The Federal Board of Revenue (FBR) has violated a resolution of the Cabinet’s Economic Coordination Committee (ECC) by delaying the processing of exporters’ applications for concessionary tariff regimes.
According to the FTO order, the ECC directed the FBR, Ministry of Commerce, and other stakeholders to develop a standard operating procedure (SOP) for enrolment of registered persons under the export-oriented sectors (previously zero-rated sectors) in order to qualify for concessionary electricity, regasified liquefied natural gas (RLNG), and gas tariff regimes.
The Export-Oriented Sectors Registration Cell (ESRC) was formed under the plan and was required to review the particulars and suggestions of the relevant Associations as well as counter-verify taxpayer particulars, including declarations in the registration profile.
Despite the fact that the said circular 4 of 2020 states that discrepancies spotted by ESRC during scrutiny/verification of data forwarded by concerned trade associations with the registration profile maintained by FBR will be referred to field formation for a ground check, report, and recommendation, the complainant alleges that instead of expeditious processing of export concerns, ESRC has engaged in an unauthorized exercise that amounts to audit, according to FTO.
It has been noticed that in numerous situations, following the elimination of ESRC objections, the cases were recommended for concessionary tariff, but the delay in such cases put a severe toll on exporters, as they had to bear the cost of standard tariff throughout the pendency of the case at ESRC.
Understandably this system is subject to the hazards of misstatements, misdeclarations, and even tax fraud, but such risks must not overwhelm the fundamental goal of ECC. Cases involving procedural failures and other differences in return profiles must be reported with appropriate field formations with legal authority and powers to resolve the stated dangers using legal methods and procedures, according to the FTO regulation.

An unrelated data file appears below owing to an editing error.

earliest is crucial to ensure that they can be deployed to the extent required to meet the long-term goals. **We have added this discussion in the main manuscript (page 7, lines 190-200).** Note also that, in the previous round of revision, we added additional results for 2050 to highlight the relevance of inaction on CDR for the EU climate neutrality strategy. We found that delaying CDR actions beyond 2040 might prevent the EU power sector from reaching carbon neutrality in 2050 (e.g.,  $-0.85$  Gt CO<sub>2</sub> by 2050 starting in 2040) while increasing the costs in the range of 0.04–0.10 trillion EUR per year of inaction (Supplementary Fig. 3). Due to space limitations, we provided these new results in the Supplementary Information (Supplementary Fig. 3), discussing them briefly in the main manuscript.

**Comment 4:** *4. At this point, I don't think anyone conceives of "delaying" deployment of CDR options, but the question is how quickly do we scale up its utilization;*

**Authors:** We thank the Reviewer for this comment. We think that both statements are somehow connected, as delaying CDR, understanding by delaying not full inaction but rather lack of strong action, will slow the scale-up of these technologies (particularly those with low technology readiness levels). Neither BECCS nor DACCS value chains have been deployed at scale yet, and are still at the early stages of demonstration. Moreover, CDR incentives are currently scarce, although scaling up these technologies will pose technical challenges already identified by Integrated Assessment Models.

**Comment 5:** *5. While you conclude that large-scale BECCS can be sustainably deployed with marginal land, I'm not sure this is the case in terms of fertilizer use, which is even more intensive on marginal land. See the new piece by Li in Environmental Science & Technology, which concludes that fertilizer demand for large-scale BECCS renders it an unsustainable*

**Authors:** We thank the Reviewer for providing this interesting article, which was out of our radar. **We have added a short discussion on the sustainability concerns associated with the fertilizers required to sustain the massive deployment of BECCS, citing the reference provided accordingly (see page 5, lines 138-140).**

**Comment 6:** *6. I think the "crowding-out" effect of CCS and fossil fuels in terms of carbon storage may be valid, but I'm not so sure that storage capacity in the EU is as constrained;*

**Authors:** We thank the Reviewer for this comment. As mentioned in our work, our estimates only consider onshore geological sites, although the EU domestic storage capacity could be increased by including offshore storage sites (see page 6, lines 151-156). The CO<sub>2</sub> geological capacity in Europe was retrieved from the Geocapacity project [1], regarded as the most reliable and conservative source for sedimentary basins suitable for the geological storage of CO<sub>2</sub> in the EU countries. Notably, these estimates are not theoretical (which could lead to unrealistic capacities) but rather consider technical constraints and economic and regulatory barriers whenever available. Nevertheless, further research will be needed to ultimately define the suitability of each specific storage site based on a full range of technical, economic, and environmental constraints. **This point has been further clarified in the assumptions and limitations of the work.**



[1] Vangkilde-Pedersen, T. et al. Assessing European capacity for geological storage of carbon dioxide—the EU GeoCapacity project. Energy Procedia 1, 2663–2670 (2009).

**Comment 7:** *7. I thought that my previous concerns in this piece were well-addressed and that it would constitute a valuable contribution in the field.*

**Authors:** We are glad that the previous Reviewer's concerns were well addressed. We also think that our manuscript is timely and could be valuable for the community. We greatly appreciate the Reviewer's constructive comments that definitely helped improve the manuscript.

The export industry, being the lifeblood of the Pakistani economy, deserves special attention, compassion, and care. It should not be held captive by ordinary administrative wrangling, it argued.
During hearings, the complainants fiercely reaffirmed their charges and gave specifics of delay created by ESRC in transferring their cases to the Ministry of Commerce. They were also upset that they had to pay regular tariffs throughout the period taken by ESRC, which not only added to the cost on exporters, but also weakened their market
The FTO’s conclusions found that the circumstances of the current case suggest that, while processing the complainants’ case, ESRC failed to conduct the procedures in the spirit intended by ECC.
Instead of referring the issue to the Ministry of Commerce, the ESRC submitted the complainant’s case to the Large Taxpayers’ Office (LTO) Karachi on 19 April 2022, and there was no resolution until 8 June 2022. After the participation of FTO, this matter was finally sent on June 22, 2022. In accordance with section 2(3)(ii) of the FTO Ordinance, 2000, such delay, inattention, and incompetence constitute maladministration.
The FTO has asked the FBR to guarantee that cases received by ESRC from trade groups be handled quickly and on a daily basis. The ESRC closely adheres to the requirements of Circular No. 4 of 2020 and resolves cases without delay, preventing exporters from incurring irreversible losses. ESRC may share any discrepancies discovered during the processing with the relevant field formations without delaying the process.
Cases of obvious tax fraud may be discussed honestly and equitably with the appropriate Trade organizations, Inland Revenue (IR) field formations, and FTO controlled by FBR. Instead of time-consuming communication, the FTO order requires ESRC to have regular consultation sessions and meetings with interested Trade organizations for speedy processing and to report compliance on a monthly basis.